Before the ink could even dry on our latest alert, regarding Ohio’s proposed bill, we learned that Massachusetts legislators had introduced their own COVID-19 bill — making it the third such bill in the span of about two weeks. Doubtless it will not be the last.
The Massachusetts bill — S.D. 2888 — goes further than the New Jersey and Ohio bills we previously reported, and explicitly mandates coverage even in the face of unambiguous policy language:
[E]very policy of insurance insuring against loss or damage to property, notwithstanding the terms of such policy (including any endorsement thereto or exclusions to coverage included therewith) which includes, as of the effective date of this act, the loss of use and occupancy and business interruption in force in the commonwealth, shall be construed to include among the covered perils under such policy coverage for business interruption directly or indirectly resulting from the global pandemic known as COVID-19, including all mutated forms of the COVID-19 virus.
Moreover, no insurer in [Massachusetts] may deny a claim for the loss of use and occupancy and business interruption on account of (i) COVID-19 being a virus (even if the relevant insurance policy excludes losses resulting from viruses); or (ii) there being no physical damage to the property of the insured or to any other relevant property.
Section 1(a) (emphasis added).
The Massachusetts bill then provides that “the coverage required by this section shall cover the insured for any loss of business or business interruption until such time as the emergency declaration issued by the governor, dated March 10, 2020, and designated as executive order number 591, is rescinded by the governor.” Section 1(b). Insurers wouldn’t be liable for any payments beyond the “monetary limits of the policy,” and would be subject to “any maximum length of time set forth in the policy for such business interruption coverage.”
While the New Jersey and Ohio bills would apply to insureds with 100 employees, the Massachusetts bill would apply to insureds with “150 or fewer full-time equivalent employees” in Massachusetts. Section 1(c).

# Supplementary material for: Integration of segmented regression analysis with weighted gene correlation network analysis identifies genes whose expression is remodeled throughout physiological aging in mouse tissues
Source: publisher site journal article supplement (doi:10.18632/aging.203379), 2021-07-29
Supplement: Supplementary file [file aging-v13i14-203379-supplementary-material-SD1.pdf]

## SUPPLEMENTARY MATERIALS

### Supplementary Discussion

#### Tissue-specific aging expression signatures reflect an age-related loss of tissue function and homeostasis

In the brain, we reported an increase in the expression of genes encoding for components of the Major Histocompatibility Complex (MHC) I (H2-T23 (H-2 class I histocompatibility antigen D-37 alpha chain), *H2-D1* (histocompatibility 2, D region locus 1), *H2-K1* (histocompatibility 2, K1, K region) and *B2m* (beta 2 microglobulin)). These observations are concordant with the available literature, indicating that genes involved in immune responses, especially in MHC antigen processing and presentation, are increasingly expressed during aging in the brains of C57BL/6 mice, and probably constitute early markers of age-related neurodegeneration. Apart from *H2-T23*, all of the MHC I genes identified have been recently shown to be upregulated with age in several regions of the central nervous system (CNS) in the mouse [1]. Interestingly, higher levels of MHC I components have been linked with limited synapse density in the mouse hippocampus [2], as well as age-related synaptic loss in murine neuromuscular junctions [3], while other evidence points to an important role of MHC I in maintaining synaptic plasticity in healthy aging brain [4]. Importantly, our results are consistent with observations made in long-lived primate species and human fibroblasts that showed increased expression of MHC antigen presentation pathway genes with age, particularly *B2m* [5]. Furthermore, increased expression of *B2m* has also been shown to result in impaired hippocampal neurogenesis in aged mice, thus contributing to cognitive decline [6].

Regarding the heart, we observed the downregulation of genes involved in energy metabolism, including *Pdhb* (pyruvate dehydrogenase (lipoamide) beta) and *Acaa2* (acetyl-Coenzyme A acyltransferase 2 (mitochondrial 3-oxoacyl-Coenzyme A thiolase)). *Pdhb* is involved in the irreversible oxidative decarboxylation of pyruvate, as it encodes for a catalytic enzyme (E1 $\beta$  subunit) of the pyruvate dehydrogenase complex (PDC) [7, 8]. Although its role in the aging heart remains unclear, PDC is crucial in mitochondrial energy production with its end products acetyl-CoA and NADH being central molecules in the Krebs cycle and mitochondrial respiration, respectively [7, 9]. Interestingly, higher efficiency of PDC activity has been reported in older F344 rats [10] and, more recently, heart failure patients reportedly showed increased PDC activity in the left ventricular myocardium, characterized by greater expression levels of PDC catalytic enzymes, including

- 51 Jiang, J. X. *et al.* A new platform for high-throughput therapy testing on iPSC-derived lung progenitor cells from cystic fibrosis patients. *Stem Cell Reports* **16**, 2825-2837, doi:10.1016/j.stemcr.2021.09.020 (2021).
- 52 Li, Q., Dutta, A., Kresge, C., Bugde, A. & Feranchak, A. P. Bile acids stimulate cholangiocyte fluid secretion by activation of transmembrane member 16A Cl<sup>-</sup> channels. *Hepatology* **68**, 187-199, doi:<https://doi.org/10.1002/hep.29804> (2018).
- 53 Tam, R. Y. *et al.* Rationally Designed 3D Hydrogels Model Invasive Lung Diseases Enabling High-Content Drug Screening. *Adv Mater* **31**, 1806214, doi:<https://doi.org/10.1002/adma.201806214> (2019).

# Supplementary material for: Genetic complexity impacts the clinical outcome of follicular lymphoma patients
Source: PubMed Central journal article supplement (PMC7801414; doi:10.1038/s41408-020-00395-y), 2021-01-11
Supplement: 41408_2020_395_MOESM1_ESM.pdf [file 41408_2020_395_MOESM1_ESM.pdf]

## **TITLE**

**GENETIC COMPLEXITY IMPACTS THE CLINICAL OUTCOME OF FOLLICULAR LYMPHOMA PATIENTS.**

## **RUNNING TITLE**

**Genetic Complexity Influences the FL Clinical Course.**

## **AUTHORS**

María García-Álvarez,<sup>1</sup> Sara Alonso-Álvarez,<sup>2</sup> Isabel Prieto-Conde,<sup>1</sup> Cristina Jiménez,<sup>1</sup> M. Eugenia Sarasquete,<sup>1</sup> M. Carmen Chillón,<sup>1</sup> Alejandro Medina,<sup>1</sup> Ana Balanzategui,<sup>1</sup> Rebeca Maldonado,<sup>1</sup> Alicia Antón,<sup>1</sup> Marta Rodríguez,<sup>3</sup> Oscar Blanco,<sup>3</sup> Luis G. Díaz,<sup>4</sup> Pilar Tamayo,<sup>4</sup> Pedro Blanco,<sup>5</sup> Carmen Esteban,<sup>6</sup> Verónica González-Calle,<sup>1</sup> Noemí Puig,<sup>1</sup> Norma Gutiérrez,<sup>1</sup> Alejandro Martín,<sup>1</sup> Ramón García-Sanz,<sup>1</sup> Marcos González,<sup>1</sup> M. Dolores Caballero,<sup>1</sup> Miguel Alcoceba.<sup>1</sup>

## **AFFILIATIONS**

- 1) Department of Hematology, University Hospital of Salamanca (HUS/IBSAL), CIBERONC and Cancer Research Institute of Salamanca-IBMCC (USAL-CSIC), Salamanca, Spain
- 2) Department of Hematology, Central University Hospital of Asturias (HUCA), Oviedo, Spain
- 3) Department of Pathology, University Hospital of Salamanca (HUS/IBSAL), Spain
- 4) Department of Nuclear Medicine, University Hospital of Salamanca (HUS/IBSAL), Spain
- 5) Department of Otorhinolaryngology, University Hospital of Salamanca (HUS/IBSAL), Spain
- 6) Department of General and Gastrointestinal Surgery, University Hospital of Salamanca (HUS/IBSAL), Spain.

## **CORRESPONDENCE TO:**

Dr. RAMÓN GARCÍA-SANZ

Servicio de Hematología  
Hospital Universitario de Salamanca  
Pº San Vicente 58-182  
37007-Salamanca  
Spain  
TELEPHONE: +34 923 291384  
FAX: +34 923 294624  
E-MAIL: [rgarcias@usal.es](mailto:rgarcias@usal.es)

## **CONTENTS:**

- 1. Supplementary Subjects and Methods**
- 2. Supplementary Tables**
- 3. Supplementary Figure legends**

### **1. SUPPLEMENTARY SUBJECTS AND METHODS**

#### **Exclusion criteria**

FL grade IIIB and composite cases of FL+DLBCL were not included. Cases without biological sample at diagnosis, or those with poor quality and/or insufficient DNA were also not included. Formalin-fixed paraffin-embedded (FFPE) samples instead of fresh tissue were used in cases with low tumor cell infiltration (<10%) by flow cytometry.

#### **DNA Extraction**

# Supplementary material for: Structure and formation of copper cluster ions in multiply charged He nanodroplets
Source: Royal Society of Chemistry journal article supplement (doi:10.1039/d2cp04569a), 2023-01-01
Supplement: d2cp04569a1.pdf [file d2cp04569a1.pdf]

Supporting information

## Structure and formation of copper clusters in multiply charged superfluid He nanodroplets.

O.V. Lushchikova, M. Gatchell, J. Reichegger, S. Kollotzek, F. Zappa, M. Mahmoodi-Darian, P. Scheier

Like the New Jersey and Ohio bills, the Massachusetts bill holds out the promise of restitution in the future: it provides that insurers who are required to pay COVID-19-related losses “may apply to the commissioner of insurance for relief and reimbursement from funds collected and made available for such purpose as provided” in the proposed law. The law would require the commissioner to establish procedures for the submission and qualification of claims by insurers which are eligible for reimbursement, and pay those claims with funds collected from “assessments” imposed “against licensed insurers in [Massachusetts] that sell business interruption insurance as may be necessary to recover the amounts paid, or estimated to be paid, to insurers” seeking reimbursement. The nature and mechanics of this future “assessment” are somewhat vague.
Finally, “[f]or the avoidance of doubt,” the Massachusetts bill subjects insurers making these mandatory payments to MASS. GEN. LAWS CH.176D — which, among other things, “provides a list of acts and omissions by insurance companies that constitute ‘unfair claim settlement practices.’”
The Massachusetts bill is, to our knowledge, the third such bill aimed at forcing insurers to pay for business-interruption losses resulting from COVID-19, even if an insurer’s policy unambiguously excludes or does not cover such losses. If passed, the bill would eliminate insurers’ ability to deny coverage for COVID-19 claims based on the absence of physical loss or damage to covered property, and would compel coverage for COVID-19 claims even though the parties explicitly negotiated a virus exclusion when the policy was written.
Legal and constitutional objections are certain. As they make their way through the legislatures, we are tracking the New Jersey, Ohio, and Massachusetts bills closely.
If you have any questions or need more information, contact Eric B. Hermanson (firstname.lastname@example.org; 617.748.5226), Anthony L. Miscioscia (email@example.com; 215.864.6356) or Timothy A. Carroll (firstname.lastname@example.org; 215.864.6218).
As we continue to monitor the novel coronavirus (COVID-19), White and Williams lawyers are working collaboratively to stay current on developments and counsel clients through the various legal and business issues that may arise across a variety of sectors. Read all of the updates here.
 Capitol Specialty Ins. Corp. v. Higgins, 2020 U.S. App. LEXIS 7616, at *19-20 (1st Cir. Mar. 11, 2020) (examining Mass. Gen. Laws ch.176D).